What is the etymology of revelation

Apocalyptic

term

The term "apocalyptic" is derived from the heading of the New Testament Revelation of John. There it says in 1: 1 that God told John through his angel what was to happen shortly. The Greek verb ἀποκαλύπτω, apocalypto, means "to reveal"; it's about things that are still invisible and that will happen at the end of the story.

Texts

Within the OT, apocalyptic ideas can be found especially in the most recent work, the Book of Daniel. The chapters Isa 24-27 have also been designated as the Apocalypse; in Sach Sach 9-14 there are also ideas that can be considered early apocalyptic. Particularly in the inter-testament literature, apocalyptic ideas are formulated very often, the main witnesses for this are the books 1st Enoch, 4th Ezra and Syrian Baruch. This stream of tradition continues in the New Testament and early Christian times, canonical evidence of this is the so-called Synoptic Apocalypse Mk 13 (with parallels) and the Apocalypse of John.

features

Apocalyptic texts differ from others in two main features: On the one hand, the apocalypses are ascribed to a well-known author, but who cannot be the author of the book (e.g. Enoch, Ezra). It is therefore pseudepigraphic writings. In addition, fictitious prophecies are often reported that were recognizable only after the prophesied event had occurred. This vaticinia ex eventu as well as the pseudonymity are intended on the one hand to increase the authority of scripture. On the other hand, they tie the statements to important stages in the history of Israel so far, so they interpret them in retrospect.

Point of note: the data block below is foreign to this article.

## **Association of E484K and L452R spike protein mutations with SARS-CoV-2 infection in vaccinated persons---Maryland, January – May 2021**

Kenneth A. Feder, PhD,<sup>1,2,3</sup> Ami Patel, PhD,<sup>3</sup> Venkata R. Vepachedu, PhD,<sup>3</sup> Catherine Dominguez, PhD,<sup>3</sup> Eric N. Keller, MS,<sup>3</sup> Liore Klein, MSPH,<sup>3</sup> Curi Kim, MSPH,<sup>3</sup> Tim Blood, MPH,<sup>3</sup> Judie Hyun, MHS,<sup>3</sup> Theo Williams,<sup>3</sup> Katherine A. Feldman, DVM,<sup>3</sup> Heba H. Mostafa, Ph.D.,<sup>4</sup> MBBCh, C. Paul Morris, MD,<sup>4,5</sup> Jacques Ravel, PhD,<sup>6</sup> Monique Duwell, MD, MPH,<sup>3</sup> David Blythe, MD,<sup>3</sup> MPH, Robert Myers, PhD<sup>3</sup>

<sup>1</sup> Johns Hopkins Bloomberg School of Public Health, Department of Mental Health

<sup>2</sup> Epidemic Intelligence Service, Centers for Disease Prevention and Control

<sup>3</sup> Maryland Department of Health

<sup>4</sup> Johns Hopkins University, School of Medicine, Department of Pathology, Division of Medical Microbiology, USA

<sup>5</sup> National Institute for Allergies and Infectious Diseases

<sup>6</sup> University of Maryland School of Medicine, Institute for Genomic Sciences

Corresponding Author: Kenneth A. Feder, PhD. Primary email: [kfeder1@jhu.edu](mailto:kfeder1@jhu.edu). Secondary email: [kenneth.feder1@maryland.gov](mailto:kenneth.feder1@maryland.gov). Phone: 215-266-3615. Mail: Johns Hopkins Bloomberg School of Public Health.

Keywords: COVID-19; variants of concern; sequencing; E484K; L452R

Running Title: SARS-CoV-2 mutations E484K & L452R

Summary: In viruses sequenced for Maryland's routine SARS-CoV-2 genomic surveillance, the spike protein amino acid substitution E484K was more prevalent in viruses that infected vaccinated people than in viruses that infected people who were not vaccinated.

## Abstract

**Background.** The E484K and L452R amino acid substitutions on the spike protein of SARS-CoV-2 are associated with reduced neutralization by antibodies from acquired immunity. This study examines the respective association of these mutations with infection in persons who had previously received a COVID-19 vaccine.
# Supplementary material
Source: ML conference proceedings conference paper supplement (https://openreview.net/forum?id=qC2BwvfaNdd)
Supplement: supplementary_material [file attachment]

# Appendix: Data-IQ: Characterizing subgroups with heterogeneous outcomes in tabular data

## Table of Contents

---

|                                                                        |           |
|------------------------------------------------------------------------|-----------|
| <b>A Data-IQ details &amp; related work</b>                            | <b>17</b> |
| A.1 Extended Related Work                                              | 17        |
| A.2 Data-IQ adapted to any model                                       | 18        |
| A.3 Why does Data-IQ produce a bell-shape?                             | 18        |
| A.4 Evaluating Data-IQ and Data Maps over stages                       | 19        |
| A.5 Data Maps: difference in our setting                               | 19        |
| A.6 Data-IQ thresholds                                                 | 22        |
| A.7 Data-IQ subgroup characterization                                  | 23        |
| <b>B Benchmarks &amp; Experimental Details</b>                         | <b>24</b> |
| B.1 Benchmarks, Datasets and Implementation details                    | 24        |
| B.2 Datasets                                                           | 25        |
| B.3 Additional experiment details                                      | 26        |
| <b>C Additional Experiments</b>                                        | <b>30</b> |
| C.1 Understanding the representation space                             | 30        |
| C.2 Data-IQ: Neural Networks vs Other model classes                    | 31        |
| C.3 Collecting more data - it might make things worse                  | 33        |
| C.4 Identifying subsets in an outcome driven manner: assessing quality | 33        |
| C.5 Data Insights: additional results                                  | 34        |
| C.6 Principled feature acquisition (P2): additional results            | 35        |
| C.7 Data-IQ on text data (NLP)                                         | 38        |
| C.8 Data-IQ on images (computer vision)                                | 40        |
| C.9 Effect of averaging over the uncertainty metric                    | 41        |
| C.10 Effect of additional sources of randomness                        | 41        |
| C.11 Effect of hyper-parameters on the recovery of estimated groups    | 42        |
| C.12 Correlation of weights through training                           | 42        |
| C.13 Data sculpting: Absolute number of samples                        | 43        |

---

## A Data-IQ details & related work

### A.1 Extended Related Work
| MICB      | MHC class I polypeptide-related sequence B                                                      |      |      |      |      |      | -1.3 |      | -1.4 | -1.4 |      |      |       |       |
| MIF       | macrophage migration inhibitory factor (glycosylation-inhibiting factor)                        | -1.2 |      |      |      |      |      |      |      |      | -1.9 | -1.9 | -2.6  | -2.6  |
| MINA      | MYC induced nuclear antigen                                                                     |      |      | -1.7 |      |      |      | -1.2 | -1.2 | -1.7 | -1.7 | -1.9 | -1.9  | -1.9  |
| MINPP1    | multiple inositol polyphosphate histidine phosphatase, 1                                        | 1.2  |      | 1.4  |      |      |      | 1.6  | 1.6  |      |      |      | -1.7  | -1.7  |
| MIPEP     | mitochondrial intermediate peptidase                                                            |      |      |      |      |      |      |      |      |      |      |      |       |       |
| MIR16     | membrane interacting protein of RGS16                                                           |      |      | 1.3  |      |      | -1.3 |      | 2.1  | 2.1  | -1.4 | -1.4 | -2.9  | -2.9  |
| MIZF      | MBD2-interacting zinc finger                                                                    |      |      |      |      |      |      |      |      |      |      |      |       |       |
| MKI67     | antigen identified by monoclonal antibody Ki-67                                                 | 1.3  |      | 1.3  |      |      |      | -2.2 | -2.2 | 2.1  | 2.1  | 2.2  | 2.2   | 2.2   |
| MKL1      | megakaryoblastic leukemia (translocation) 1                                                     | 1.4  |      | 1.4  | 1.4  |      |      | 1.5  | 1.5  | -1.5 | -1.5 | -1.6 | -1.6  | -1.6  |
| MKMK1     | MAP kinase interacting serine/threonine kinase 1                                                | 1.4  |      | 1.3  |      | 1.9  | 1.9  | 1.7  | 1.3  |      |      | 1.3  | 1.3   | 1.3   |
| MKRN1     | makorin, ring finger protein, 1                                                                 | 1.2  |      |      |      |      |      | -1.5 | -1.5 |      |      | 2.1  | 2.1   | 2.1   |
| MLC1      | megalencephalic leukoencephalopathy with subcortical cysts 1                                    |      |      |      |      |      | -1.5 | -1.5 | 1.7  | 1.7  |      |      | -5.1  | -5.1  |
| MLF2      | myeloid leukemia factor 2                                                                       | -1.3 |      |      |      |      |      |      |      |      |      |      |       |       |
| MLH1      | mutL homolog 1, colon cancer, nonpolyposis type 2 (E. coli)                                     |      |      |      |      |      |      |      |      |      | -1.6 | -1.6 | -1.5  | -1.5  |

Historical image

History, its course and its imminent end, is the real theme of apocalyptic literature. One knows that the course of history is irrevocably drawing to a close. Often an attempt is even made to calculate the exact date of the end time events by combining certain numbers (cf. Dan 12: 11f.). But contrary to popular understanding, this is not the primary interest of apocalyptic thinkers. They are much more interested in showing why human history, from creation onwards, in its living conditions for the pious, has deteriorated more and more. But the deterioration in particular proves that the turn to a new, incomparably better and more just age is imminent, the turn to the new eon. In the Book of Daniel ((chap. 2 + 7) this approach leads to the representation of a scheme of four monarchies, which replace each other. Babylonians, Medes, Persians and Greeks are gradually moving further and further away from the ideal of all human rule, the golden age, until finally At the end of the fourth kingdom and its completely corrupted ruler, all power will be taken away. According to Dan 7, it will be transferred to the Son of Man, who will then exercise an eternal, just rule with the Most Holy One. The earthly-human history corresponds to a supra-historical level within the Heavenly hierarchy The battles that the individual peoples have to wage are also fought in heaven by the respective angels of the people and are ultimately decided.